The silver gull can live for 30 years, thank God. This is the gull that steals your chips and yet regardless of a well-researched cholesterol problem, she somehow manages to keep on keeping on. I'm not sure if this applies to one-legged seagulls, but I hope so. I have my reasons, suitably poignant.
Down at the marina there is a car park and a bunch of trees that make a stand against the wind when it comes in from the south. If there is a storm coming, the local gulls arrange themselves on the tarmac in formation, all facing at an angle into the wind, dozens of them, like ornamental pieces on a Chinese-checker board. Among them is a one-legged seagull. She's been there for some years. Whenever I can, when the weather is bad I go looking for her. I don't know that she is, in fact, a she – I think of her that way.
We'll come back to that in a minute.
About 700 kilometres away, living on the water is a daughter of mine. The youngest of three. Each of them has their own mother, the girls, a fact that brings a cheesy smile to people, as if the whole arrangement is a comedy, which of course it is, the humanity.
People say to me: don't worry, be patient, she'll seek you out, this young child. I like to think they are correct but it's not a certainty to me. Or rather, I wonder if she'll find me in time. I'm not old, per se. But I'm in that territory when heart attacks come by surprise. It's morbid saying so, but these are the thoughts you have. I have the comfort that she'll no doubt find her sisters. They're waiting too.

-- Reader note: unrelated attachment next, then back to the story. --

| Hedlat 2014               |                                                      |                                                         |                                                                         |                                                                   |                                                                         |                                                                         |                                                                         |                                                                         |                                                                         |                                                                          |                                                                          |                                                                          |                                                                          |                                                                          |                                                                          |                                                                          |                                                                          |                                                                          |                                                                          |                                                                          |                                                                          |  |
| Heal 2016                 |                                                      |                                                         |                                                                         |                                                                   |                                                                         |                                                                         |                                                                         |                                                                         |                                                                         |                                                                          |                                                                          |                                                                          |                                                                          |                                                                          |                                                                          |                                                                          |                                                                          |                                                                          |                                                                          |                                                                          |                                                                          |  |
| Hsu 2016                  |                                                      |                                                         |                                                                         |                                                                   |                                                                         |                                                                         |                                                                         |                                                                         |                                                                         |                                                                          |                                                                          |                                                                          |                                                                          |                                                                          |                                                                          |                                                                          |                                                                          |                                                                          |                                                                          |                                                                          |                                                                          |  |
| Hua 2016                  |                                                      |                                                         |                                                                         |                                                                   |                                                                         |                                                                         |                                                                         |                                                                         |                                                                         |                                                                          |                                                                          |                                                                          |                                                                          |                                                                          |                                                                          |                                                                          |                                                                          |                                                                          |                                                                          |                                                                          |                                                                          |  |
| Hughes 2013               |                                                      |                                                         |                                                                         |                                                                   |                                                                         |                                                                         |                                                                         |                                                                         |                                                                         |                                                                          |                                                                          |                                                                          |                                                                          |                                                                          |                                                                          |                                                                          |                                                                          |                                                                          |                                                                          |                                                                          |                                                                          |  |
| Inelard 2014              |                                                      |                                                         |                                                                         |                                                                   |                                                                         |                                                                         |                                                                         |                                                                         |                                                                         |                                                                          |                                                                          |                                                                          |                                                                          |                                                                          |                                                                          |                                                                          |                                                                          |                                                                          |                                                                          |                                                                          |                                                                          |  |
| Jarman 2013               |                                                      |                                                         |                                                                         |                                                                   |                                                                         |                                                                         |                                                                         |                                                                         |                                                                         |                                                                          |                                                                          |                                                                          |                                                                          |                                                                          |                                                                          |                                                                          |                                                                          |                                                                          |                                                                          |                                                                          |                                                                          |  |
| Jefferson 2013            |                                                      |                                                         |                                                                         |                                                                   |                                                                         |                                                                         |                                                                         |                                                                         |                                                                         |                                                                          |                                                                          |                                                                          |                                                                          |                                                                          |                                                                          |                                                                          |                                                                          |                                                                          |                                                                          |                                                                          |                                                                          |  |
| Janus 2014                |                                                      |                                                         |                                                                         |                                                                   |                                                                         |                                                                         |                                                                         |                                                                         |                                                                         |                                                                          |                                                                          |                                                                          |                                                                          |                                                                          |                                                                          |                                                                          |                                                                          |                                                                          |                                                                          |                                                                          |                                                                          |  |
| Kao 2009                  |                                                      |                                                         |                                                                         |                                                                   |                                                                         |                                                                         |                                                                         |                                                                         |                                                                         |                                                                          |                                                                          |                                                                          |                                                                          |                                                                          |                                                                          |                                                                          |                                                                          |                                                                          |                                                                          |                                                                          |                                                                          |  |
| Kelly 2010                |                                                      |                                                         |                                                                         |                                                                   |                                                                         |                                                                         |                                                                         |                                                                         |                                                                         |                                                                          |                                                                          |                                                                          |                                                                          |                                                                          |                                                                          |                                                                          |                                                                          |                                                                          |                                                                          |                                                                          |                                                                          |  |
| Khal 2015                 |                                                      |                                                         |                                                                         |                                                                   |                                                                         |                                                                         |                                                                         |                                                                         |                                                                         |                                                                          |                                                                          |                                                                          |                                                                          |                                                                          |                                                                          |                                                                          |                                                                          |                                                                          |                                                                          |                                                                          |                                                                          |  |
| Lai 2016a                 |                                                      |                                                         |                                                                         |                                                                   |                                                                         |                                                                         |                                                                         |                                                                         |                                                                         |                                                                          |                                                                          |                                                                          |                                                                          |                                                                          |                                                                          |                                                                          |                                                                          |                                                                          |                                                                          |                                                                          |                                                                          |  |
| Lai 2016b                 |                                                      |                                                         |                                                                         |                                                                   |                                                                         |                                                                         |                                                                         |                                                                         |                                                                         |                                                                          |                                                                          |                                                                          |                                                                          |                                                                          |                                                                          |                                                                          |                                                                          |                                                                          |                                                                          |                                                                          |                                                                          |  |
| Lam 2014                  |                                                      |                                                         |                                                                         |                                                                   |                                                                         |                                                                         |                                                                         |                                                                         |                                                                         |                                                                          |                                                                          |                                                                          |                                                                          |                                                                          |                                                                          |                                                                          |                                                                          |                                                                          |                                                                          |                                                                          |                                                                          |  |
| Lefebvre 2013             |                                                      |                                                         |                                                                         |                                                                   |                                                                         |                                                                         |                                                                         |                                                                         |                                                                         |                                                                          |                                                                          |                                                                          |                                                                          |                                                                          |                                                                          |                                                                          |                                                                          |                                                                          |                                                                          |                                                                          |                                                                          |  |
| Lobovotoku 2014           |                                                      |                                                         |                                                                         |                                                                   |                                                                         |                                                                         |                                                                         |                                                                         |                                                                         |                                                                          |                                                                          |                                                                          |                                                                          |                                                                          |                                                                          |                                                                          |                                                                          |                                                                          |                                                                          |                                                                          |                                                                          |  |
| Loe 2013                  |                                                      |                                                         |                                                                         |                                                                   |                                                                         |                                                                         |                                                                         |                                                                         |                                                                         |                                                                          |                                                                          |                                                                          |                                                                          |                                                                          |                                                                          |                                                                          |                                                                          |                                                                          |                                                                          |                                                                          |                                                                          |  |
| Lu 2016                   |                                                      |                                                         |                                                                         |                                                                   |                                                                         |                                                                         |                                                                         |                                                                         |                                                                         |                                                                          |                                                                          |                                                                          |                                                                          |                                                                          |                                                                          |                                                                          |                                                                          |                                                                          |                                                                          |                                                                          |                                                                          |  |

We named her for the night, the littlest. I would think on this over the 4½ years I drove through the night to see her, the sweet and very funny child in the crossfire of an ongoing and exhausting dispute – a father wanting to remain as such in more than name, a mother unable to accommodate him for reasons of her own.
At one point, we were sent to post-separation parenting classes. There I was told that the longer it went on – the struggle – the greater the chance that the kid would let go of one of us. So I saw it coming. I'd read that bit in the Bible about cutting a child in two.
Hence I started planting some stories in her head, by way of insurance. Nothing about me, certainly nothing about her mother – but rather odd stories about the world by which she might recognise me.
"I saw that one-legged seagull last week," I'd say.
"Was there a storm?" she'd say.
"Just a little one. But her mates were on deck," I'd say and she'd roll her eyes, pleased but also mocking.
This is what I plan to talk about if we get to meet again. The seagull is my opening line. It was about six months after she let go that this research was published, the scientists so surprised that such a small hard-living bird might live so long. They were almost as pleased as me.